Representatives from most entities participating in EGC management have joined the ICS Multi-Agency Coordination (MAC) group. The MAC group provides a forum for these representatives to share information, establish a common operating picture, develop long-term priorities for the EGC emergency, and commit and allocate funding and other resources to enhance emergency measures responses. In Q2, the EGC MAC group continued to meet and review/recommend new Washington State Recreation and Conservation Office (RCO) EGC Emergency Measures Fund request for proposals. In addition, the EGC MAC group continued development of the Fiscal Year 2023 EGC Emergency Measures Strategic Action Plan, including establishing priority tasks to be addressed (this plan has since been completed and distributed).

Actions taken in Q2 were reduced in comparison to Q1 with the end of many entities’ EGC trapping seasons. However, trapping continued in several areas resulting in the removal of EGC until the end of 2022. Pass-through funding and allocation of equipment provided support for tribal co-managers and partners. Increased communication efforts (e.g., public updates, EGC Management Updates email list, numerous online resources for identification and reporting) and focused outreach (e.g., signage and outreach materials, public presentations, tabling at events including the Pacific Marine Expo) have enhanced public awareness and EGC reporting potential.

During the Q2 period, the collective effort of all organizations involved in EGC management resulted in the removal of 96,156 additional EGC from Washington state marine waters, with 67,615 from the Coastal Branch and 5,154 from the Salish Sea Branch. In total for calendar year 2022, there were 286,444 EGC removed from Washington state marine waters, with 205,433 removed from the Coast Branch and 81,011 removed from the Salish Sea Branch. In addition to active removal trapping, Q2 trap deployment occurred in areas where EGC had not previously been detected for early-detection monitoring. To date, EGC have not been detected in the Salish Sea Branch south of northern Hood Canal. Data on EGC abundance, body size, sex ratios, and reproductive status were collected along with DNA and RNA samples to assess connectivity between EGC populations. Analysis of this data will be provided in subsequent quarterly reports after compilation and quality assurance measures implemented.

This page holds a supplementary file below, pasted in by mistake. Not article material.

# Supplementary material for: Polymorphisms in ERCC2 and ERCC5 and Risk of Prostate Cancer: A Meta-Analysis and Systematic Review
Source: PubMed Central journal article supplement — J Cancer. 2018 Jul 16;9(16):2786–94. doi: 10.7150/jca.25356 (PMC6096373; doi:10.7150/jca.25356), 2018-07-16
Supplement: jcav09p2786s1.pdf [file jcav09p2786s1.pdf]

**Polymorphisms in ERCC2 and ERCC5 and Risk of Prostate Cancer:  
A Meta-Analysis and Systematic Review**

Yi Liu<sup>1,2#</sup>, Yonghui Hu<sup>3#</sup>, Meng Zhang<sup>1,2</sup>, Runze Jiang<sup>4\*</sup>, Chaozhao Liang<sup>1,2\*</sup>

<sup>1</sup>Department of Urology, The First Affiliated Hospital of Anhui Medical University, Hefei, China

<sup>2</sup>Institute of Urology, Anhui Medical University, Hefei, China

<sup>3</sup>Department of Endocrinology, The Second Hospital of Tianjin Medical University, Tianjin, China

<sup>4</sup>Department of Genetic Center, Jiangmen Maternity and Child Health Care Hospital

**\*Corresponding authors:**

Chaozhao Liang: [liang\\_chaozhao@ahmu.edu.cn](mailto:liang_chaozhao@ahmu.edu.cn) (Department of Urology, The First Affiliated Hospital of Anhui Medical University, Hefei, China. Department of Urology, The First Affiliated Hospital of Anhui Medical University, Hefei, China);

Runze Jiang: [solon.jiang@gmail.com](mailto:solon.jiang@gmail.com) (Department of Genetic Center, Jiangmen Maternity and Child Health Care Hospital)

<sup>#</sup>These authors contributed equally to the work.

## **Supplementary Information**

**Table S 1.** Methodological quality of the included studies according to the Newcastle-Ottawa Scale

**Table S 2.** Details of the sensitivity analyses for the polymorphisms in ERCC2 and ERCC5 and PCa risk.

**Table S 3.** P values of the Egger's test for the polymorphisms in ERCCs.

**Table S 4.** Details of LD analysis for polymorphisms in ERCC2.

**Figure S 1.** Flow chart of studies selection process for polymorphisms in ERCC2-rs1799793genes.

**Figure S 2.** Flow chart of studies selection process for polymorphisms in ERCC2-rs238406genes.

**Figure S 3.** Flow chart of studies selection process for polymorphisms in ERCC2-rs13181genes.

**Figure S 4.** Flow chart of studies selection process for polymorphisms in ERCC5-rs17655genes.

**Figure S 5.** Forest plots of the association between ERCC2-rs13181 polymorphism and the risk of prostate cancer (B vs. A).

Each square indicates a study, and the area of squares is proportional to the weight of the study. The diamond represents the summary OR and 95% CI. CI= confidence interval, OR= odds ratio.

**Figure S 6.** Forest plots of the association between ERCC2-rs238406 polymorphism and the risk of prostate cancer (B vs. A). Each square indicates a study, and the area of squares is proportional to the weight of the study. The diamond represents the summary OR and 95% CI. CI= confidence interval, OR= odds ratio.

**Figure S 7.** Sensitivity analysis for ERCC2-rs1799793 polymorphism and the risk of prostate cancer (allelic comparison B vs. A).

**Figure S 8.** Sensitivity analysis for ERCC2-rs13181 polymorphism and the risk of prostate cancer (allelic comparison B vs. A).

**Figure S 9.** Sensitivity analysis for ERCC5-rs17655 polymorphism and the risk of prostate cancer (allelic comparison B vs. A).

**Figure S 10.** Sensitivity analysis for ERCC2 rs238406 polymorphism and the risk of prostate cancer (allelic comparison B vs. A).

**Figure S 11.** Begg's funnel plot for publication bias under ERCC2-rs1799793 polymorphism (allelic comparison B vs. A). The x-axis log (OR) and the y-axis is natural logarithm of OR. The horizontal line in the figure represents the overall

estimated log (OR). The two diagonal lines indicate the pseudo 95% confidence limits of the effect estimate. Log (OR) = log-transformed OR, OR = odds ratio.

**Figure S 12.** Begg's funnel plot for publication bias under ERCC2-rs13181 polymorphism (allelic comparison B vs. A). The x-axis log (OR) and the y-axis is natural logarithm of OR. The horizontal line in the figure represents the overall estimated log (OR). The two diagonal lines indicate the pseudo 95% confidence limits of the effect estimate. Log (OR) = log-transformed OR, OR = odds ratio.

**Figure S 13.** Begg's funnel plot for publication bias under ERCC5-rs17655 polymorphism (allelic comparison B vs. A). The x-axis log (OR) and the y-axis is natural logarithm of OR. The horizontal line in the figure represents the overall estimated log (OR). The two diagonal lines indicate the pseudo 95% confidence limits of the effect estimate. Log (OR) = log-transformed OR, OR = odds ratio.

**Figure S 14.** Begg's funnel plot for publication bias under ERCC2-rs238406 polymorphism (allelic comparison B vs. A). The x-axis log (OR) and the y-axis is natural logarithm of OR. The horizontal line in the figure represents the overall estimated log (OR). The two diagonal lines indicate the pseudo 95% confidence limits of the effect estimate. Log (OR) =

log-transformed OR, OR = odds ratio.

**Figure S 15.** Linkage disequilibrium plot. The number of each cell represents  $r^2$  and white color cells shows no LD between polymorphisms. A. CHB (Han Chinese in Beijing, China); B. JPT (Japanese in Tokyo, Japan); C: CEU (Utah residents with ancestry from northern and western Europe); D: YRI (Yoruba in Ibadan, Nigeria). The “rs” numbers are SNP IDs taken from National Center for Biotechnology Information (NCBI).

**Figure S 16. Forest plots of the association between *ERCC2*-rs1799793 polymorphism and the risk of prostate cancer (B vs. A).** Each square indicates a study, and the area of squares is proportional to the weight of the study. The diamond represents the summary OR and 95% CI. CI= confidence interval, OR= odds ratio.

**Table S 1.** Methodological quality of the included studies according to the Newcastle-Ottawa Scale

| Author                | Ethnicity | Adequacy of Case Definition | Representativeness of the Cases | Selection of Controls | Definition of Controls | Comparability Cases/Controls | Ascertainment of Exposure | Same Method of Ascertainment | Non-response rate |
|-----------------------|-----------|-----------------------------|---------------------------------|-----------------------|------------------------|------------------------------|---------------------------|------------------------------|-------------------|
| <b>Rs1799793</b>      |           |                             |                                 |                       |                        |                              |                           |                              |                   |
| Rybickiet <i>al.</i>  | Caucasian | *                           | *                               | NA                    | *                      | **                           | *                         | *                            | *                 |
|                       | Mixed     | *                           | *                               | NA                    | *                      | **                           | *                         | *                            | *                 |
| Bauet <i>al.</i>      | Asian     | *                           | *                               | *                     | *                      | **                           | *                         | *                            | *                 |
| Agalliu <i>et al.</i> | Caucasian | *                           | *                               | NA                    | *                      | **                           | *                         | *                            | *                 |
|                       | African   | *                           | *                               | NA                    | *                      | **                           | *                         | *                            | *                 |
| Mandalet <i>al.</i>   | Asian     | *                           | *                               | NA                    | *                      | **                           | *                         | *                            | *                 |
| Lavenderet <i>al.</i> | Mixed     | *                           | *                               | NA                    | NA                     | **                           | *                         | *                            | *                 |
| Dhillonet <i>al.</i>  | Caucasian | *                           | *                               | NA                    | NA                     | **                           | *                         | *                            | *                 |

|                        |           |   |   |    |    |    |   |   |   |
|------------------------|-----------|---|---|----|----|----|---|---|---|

WDFW, tribal co-managers, and partners achieved significant progress in EGC management efforts in a short timeframe. Progress was also made on public education and community engagement to support EGC awareness, with many attendees at outreach events such as the Pacific Marine Expo reporting they had heard about EGC in the news or from the state, tribes, or partners, and now have a baseline of understanding about this invasive species, why it is harmful, and that emergency measures have been deployed for EGC monitoring and control. While challenges remain (e.g., implementing standardized electronic trapping data submission, hiring staff and transition into Fiscal Year 2023 Strategic Action Plan), the continued efforts of all parties and the clear organizational structure set in 2022 will allow for continued success in the coming year.

Suggested citation

Turner B, Pleus A, Gunnell C. 2022. European Green Crab Quarterly Progress Report – Winter 2022. Olympia, WA: Washington Department of Fish and Wildlife.